Summit Series L5 Shell Pants
Size Tested: Medium
Stated Weight: 400 g
- Engineered fabric and articulated patterning designed specifically for alpine comfort and mobility
Fully featured pants are waterproof, seam-sealed and crafted of our most breathable DryVent 3L fabric to date
- Nylon fabric with localized FuseForm construction for durability where needed most with minimal seams
- One-piece construction with localized durability in high wear areas allows for less seam tape and delivers comfort, breathability and performance with less weight
- Crotch gusset for added mobility in alpine environments
- Integrated belt for personalized fit
- 2-way center front zip for optimal harness compatibility
- Side zip venting
- Pack/harness friendly pockets
- Zip ankle closure for easy access to boots
MSRP: $450 USD
Reviewer: 5’10”, 135 lbs
Days Tested: 6
Test Locations: Aspen, CO; Vaud and Berner Oberland Switzerland
The L5 pants are part of The North Face’s new Summit Series — historically it’s been an alpine-focused yet consumer-accessible part of the TNF line. But this year, The North Face has flipped the script a bit on the Summit Series.
The new Summit Series is clearly an experimental line, and available in limited quantities. The line consists of only 7 pieces: a shell jacket and pant, three insulators, and two baselayers / thin insulators. It’s essentially a full alpine kit—everything you need to be at altitude in the mountains.
The new Summit Series is a parade of all the best and most cutting edge of TNF’s in-house developments. And from what I’ve seen, those are pretty damn awesome. I’ll be reviewing both the L5 pant and the L4 insulator, and overall, I’m very impressed with the Summit Series. We’ll start off here with the L5 pant.
I have seen (and made) a lot of outerwear in my fairly short life. From cutting-edge Arc’teryx products to $7k Bogner high fashion pieces to $24 Costco softshells, I’ve seen just about everything out there. So let that provide some context for this next statement: the L5 pants are the most beautiful piece of outerwear I have ever seen.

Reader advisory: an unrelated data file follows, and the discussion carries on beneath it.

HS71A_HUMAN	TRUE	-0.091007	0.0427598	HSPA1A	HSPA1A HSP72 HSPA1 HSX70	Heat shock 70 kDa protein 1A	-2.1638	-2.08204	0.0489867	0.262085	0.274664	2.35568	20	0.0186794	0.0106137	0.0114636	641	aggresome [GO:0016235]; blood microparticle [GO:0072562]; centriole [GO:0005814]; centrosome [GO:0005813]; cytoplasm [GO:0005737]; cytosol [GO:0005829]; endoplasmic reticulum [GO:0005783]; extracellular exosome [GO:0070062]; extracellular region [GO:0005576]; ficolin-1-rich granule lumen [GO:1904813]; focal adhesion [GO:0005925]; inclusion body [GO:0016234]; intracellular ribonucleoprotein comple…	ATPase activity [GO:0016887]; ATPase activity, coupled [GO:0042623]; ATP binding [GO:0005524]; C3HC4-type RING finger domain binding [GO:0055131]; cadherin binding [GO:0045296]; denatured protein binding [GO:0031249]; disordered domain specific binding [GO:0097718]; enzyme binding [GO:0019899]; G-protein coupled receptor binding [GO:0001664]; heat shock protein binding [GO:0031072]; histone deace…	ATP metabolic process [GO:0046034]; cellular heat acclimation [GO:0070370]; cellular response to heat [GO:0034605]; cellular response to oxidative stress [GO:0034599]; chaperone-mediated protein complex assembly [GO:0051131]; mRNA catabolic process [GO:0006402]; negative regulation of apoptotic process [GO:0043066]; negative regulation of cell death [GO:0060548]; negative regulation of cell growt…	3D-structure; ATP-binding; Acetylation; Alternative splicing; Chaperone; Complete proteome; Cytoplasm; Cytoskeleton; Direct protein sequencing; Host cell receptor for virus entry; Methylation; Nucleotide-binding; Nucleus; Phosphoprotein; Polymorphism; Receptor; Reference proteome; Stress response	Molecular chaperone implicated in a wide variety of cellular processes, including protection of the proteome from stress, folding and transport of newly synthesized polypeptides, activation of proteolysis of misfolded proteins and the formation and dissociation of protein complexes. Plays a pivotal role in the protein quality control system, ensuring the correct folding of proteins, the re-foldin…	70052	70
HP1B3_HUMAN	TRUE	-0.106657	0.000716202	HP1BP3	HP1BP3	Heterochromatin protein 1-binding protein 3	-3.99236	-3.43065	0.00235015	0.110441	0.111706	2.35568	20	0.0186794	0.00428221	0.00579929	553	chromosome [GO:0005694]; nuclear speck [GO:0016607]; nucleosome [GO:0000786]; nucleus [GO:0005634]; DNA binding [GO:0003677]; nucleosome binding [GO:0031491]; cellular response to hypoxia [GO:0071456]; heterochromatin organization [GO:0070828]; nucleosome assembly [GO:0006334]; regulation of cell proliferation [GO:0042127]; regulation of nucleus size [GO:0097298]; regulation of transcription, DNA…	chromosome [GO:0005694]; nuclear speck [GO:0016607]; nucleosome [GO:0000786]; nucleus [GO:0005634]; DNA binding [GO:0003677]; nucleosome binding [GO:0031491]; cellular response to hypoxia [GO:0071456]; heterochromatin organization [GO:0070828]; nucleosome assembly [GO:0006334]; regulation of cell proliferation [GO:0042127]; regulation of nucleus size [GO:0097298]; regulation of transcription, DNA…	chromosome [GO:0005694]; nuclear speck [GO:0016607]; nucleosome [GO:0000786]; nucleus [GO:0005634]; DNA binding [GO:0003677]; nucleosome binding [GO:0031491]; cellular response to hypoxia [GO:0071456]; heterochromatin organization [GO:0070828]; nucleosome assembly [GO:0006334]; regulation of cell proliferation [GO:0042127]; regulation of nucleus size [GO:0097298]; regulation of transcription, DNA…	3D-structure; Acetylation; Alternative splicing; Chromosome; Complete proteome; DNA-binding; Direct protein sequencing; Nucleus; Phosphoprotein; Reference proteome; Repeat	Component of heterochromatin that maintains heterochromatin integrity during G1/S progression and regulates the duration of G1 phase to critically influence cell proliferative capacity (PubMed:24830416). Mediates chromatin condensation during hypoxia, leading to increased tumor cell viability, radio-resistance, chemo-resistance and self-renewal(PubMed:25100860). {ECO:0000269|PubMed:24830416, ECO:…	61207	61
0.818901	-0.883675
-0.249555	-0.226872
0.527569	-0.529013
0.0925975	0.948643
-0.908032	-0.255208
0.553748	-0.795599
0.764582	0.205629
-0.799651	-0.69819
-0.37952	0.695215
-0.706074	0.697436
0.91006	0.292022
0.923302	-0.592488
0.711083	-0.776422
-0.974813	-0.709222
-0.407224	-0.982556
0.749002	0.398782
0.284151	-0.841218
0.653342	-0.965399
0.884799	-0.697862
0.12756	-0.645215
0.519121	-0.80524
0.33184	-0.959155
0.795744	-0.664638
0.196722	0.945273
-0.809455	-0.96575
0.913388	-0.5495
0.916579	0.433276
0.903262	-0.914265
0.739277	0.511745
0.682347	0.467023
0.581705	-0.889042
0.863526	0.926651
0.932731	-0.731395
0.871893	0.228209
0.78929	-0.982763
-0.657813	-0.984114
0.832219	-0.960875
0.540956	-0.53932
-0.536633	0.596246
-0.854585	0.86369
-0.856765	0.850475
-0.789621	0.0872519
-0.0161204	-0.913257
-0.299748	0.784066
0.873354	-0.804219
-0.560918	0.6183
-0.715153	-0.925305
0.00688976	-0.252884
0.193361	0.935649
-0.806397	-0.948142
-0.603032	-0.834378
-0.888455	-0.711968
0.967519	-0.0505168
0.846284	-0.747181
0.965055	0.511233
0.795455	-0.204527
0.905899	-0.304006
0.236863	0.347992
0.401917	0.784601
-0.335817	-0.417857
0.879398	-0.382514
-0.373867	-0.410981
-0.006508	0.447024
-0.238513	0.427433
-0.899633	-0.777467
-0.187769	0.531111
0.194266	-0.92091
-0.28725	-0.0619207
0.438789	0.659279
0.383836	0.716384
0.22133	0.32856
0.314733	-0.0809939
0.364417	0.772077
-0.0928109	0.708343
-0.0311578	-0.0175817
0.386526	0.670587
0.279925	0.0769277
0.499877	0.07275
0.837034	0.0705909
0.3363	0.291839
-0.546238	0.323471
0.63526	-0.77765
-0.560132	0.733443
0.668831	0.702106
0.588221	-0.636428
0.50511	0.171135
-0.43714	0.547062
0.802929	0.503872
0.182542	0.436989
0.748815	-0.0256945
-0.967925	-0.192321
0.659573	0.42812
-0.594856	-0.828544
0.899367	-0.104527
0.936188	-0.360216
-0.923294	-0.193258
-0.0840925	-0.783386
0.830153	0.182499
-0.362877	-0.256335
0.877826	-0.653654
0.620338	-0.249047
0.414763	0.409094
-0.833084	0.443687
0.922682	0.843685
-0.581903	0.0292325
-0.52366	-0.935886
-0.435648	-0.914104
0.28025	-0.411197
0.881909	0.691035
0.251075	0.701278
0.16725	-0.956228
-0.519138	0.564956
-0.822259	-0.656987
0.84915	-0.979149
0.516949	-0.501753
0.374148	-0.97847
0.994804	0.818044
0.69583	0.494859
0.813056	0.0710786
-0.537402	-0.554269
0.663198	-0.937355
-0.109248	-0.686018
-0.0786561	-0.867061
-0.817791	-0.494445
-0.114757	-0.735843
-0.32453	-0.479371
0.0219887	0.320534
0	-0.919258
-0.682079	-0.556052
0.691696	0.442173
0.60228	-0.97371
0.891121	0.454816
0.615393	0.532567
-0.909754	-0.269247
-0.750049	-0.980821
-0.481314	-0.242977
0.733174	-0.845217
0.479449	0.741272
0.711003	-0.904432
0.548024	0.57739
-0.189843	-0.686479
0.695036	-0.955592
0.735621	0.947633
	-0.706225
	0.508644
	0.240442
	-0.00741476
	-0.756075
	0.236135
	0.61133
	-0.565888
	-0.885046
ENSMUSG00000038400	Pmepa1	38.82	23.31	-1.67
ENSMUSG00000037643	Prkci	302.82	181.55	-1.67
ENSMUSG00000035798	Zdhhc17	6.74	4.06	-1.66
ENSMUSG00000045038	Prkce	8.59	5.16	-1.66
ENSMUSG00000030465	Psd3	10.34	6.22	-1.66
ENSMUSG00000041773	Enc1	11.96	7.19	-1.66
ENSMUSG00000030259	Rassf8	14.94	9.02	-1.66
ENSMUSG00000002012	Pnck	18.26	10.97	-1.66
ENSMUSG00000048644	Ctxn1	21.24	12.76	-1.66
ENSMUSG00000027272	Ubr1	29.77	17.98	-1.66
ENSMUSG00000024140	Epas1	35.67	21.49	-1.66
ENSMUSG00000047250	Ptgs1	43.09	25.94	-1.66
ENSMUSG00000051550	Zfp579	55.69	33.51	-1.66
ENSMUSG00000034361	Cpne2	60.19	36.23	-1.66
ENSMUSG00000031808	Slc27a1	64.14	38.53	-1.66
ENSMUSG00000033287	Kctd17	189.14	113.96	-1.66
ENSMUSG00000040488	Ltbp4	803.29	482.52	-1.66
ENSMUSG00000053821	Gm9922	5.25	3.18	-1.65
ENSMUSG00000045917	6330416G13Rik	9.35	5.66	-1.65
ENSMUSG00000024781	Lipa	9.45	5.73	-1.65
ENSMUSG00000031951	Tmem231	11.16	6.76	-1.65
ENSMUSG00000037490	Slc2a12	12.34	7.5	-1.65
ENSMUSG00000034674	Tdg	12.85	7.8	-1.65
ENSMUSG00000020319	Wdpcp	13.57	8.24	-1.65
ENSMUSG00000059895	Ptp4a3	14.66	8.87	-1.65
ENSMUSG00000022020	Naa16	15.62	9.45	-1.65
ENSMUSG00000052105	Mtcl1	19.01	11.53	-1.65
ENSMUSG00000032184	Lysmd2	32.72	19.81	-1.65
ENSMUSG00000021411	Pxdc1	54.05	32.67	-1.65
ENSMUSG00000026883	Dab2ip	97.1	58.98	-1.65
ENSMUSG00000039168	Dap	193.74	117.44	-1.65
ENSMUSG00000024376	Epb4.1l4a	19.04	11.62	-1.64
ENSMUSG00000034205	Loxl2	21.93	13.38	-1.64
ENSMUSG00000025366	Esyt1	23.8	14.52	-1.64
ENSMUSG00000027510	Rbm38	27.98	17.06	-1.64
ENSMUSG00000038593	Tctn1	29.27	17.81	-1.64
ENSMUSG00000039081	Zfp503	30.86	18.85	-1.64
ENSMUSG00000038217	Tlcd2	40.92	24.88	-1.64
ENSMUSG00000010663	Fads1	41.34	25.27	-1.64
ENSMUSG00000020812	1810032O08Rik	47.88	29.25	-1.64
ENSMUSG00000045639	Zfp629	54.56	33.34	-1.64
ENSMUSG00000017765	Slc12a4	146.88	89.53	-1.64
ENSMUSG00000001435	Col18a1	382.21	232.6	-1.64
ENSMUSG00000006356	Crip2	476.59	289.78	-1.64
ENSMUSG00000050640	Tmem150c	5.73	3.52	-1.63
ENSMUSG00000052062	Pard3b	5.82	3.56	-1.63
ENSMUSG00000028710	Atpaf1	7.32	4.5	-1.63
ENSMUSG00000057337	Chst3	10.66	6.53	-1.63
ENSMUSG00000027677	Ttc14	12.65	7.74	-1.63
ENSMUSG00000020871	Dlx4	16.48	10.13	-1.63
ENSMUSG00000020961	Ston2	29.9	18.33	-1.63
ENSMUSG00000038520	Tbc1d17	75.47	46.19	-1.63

Putting personal style preference aside for a moment to focus specifically on (1) outerwear construction, (2) attention to detail and (3) the merger of form and function, the L5 is the most perfectly constructed and thought out piece of outerwear I’ve seen, ever.
There are two things that make the L5 pant gorgeous.
(1) TNF’s new FuseForm fabric milling technology. (Specifically, how it is used in the L5. More on that below.)
(2) Their simple design with a classic silhouette.
Let’s now talk a bit about this new FuseForm technology that TNF is using.
The principle behind FuseForm is not all that new, in fact it has been going on for centuries. FuseForm mixes different fibers together in the milling process—the same way that heathered fabrics are made.
What sets FuseForm apart is the level of control that The North Face has over where each of these fibers is incorporated into the weave. TNF designers use FuseForm to blend fibers of different weights (denier) into finished fabrics, changing the ratio of high denier to low denier over specific sections of the fabric. This denier gradient fabric is then cut so that the high denier part of the fabric is sewn into the high wear areas of a garment (shoulders, knees, elbows etc…).